Down is the soft layer of feathers closest to birds’ skin, primarily in the chest region. These feathers are highly valued by manufacturers of down clothing and comforters because they do not have quills. While most down and other feathers are removed from ducks and geese during slaughter, birds in breeding flocks and those raised for meat may be plucked repeatedly while they are still alive.
Plucking causes geese and ducks considerable pain and distress. Typically, they are lifted by their necks or delicate wings, their legs are physically restrained or tied, and their feathers are ripped right out of their skin. The struggling birds are often plucked so hard that their skin is torn open and the hurried workers sew up the wounds using needle and thread and no painkillers. Plucking may begin when the animals are just 10 weeks old and be repeated in six-week intervals until the birds are slaughtered for meat long before they would naturally die.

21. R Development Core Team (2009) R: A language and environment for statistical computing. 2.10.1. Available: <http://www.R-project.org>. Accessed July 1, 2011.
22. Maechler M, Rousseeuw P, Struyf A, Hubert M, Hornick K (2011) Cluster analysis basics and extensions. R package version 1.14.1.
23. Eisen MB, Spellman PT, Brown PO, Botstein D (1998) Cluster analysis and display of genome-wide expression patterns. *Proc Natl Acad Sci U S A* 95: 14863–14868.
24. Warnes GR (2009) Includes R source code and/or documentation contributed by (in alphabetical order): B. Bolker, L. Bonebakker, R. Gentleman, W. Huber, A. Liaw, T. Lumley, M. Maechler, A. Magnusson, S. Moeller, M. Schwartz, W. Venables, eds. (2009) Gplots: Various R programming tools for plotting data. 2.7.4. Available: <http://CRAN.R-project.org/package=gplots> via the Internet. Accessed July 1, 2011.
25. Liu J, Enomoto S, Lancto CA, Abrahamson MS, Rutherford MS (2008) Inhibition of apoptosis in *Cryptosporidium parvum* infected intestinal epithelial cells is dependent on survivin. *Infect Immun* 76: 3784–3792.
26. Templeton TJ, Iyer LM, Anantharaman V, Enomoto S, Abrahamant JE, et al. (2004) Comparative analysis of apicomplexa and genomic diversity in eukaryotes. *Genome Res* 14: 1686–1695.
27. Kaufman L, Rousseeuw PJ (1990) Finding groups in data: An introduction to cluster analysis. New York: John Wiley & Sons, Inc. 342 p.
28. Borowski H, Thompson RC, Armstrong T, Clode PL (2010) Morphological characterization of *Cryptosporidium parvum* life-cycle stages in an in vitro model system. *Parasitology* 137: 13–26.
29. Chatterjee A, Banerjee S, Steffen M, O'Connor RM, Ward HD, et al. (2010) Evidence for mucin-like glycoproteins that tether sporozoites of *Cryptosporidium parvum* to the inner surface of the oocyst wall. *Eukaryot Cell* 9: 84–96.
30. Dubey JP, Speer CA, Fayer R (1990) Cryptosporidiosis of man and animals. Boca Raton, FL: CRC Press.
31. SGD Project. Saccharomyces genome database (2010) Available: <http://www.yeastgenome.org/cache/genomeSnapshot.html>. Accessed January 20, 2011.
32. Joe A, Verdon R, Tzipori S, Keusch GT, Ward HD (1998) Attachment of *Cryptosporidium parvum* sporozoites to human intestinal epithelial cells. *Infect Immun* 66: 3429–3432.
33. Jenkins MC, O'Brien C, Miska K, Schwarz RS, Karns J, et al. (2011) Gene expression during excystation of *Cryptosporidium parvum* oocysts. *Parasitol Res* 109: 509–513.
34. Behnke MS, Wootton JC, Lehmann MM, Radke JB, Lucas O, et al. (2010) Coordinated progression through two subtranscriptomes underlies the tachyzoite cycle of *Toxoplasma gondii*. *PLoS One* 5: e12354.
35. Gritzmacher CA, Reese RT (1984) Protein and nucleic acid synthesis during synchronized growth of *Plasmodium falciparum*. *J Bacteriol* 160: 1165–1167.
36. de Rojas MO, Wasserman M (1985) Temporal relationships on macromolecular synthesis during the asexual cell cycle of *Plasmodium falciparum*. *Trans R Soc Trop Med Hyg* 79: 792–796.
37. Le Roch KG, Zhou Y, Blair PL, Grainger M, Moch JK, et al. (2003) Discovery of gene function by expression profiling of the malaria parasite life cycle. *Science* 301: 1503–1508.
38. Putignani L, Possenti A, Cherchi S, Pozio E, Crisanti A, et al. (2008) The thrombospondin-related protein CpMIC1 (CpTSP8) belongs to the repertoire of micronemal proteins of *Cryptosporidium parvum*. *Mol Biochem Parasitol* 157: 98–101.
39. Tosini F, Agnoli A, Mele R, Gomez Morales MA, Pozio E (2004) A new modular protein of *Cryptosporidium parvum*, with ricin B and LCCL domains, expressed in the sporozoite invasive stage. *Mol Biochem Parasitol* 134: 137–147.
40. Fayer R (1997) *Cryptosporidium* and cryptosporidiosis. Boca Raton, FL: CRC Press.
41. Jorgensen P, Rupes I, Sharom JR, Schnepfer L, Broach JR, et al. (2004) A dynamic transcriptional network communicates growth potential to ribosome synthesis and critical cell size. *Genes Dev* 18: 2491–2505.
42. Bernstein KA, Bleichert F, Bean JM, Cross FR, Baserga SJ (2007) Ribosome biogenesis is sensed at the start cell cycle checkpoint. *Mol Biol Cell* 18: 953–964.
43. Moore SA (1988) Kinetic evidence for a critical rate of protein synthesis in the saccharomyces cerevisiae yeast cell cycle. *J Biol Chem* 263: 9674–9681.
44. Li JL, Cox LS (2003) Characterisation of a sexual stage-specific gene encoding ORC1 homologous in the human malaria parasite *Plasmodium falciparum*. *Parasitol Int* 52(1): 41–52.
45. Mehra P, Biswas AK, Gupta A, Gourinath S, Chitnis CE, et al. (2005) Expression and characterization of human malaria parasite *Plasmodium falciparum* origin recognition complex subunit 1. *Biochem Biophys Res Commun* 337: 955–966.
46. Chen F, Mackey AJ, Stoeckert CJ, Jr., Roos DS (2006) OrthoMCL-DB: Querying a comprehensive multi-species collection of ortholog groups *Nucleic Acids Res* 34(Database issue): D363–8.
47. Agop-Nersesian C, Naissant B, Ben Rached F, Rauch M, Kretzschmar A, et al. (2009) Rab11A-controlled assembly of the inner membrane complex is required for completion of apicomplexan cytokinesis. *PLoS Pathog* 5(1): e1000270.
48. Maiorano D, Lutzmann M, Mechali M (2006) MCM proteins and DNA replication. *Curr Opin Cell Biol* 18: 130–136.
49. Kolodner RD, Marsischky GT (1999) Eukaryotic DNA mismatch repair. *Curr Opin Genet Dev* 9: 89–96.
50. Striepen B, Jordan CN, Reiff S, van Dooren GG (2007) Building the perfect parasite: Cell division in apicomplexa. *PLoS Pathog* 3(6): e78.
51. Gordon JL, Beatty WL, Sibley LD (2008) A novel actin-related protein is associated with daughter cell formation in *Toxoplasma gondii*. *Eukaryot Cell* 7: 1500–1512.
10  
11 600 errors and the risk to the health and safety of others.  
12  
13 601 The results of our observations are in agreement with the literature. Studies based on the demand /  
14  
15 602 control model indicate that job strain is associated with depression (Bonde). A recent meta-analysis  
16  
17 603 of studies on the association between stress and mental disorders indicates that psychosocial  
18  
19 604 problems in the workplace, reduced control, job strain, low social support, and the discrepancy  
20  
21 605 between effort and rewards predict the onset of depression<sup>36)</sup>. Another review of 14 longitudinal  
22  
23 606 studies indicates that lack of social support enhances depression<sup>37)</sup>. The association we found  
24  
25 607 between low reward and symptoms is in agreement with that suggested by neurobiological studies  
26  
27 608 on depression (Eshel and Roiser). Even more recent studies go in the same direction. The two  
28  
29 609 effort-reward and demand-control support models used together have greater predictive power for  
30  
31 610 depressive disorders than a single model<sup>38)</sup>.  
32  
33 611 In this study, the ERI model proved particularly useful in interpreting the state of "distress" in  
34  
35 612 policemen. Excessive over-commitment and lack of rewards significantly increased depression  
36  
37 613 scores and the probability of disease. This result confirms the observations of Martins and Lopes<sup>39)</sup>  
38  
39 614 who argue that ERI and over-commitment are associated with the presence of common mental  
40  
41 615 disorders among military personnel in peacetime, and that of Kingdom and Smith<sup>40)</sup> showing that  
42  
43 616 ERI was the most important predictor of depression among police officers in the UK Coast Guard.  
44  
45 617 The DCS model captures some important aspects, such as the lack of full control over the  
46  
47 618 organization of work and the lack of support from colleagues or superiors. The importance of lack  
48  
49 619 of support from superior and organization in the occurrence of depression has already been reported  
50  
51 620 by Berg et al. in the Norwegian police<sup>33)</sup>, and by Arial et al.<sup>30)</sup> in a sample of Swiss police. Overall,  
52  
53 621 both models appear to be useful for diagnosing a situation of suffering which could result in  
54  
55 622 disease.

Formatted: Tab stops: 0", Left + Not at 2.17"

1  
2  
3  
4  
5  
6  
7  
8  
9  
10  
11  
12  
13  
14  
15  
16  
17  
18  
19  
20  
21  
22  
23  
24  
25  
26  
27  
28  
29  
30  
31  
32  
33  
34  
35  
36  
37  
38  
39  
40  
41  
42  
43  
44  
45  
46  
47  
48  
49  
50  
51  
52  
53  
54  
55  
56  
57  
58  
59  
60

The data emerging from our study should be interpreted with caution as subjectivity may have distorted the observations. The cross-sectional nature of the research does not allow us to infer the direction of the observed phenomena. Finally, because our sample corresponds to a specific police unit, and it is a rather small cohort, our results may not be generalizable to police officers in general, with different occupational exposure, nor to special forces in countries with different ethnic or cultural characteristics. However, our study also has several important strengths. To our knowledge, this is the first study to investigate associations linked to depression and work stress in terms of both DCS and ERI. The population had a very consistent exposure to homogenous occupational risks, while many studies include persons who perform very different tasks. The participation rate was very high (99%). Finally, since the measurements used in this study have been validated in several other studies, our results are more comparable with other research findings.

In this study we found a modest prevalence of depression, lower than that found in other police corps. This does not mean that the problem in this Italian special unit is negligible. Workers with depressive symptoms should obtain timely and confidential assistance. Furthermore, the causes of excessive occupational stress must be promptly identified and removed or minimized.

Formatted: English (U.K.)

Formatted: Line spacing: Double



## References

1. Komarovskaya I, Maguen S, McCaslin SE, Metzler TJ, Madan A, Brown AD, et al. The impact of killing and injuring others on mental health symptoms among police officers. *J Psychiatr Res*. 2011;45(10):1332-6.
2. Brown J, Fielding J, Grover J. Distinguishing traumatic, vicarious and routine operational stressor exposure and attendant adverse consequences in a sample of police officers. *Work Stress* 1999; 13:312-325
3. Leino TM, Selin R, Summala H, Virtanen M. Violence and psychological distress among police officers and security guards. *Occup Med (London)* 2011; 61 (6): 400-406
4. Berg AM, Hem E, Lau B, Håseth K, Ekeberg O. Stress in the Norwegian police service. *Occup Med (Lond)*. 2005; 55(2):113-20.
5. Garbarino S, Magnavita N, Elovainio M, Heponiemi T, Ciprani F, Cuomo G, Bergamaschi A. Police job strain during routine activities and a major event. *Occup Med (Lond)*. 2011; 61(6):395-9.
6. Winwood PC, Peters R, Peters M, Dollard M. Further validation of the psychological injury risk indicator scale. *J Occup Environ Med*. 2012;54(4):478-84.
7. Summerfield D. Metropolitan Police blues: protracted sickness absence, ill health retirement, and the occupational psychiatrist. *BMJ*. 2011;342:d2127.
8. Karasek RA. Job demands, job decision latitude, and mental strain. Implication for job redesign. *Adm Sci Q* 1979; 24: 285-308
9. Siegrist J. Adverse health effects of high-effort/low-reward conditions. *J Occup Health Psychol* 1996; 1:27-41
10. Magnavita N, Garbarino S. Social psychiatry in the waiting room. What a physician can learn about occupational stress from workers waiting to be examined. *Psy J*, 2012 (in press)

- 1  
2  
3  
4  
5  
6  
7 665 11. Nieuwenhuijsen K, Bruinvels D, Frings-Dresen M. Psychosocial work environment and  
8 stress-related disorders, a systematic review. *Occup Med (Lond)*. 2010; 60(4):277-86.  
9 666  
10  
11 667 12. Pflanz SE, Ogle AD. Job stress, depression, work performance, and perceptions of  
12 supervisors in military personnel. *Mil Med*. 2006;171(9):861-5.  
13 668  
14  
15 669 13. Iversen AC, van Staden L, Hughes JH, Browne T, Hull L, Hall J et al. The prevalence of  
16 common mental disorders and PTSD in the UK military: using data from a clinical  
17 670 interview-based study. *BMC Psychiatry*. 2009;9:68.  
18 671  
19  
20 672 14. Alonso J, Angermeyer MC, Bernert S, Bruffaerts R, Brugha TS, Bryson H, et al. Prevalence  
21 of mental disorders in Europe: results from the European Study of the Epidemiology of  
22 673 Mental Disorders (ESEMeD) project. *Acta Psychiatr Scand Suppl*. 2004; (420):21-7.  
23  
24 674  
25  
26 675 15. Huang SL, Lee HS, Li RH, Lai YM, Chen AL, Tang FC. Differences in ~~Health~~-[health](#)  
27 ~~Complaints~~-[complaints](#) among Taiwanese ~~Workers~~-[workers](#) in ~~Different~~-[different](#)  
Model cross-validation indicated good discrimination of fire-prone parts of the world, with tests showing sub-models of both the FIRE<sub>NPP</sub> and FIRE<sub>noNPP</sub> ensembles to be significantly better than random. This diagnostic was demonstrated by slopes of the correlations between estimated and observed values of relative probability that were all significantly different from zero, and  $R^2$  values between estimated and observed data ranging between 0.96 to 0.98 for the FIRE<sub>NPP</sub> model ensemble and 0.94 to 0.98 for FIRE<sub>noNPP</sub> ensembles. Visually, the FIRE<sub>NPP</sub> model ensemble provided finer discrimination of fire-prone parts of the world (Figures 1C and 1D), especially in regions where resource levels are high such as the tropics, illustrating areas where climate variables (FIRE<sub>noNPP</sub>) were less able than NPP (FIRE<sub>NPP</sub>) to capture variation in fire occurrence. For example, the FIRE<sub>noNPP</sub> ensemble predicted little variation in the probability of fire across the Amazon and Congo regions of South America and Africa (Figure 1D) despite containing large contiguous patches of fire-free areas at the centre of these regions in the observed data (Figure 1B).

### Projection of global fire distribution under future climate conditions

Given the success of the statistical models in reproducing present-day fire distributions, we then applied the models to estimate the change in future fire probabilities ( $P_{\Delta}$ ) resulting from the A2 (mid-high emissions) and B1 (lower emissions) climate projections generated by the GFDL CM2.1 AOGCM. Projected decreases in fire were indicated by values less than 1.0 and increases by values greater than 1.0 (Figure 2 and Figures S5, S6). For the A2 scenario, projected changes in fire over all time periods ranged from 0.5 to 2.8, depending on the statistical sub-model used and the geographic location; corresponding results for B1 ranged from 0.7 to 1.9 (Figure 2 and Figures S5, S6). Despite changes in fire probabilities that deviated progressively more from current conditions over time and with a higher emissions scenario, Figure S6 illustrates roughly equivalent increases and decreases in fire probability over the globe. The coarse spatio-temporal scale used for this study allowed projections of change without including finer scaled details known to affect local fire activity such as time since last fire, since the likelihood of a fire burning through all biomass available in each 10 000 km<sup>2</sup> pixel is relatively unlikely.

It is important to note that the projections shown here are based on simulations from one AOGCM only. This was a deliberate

Buying down can also support the cruelty of the foie gras industry. Producers of foie gras often boost their profits by selling the feathers of force-fed ducks and geese. These birds already have to endure having tubes rammed down their throats and their stomachs pumped full of so much corn mush that their livers swell to about 10 times their normal size, which is how foie gras is made.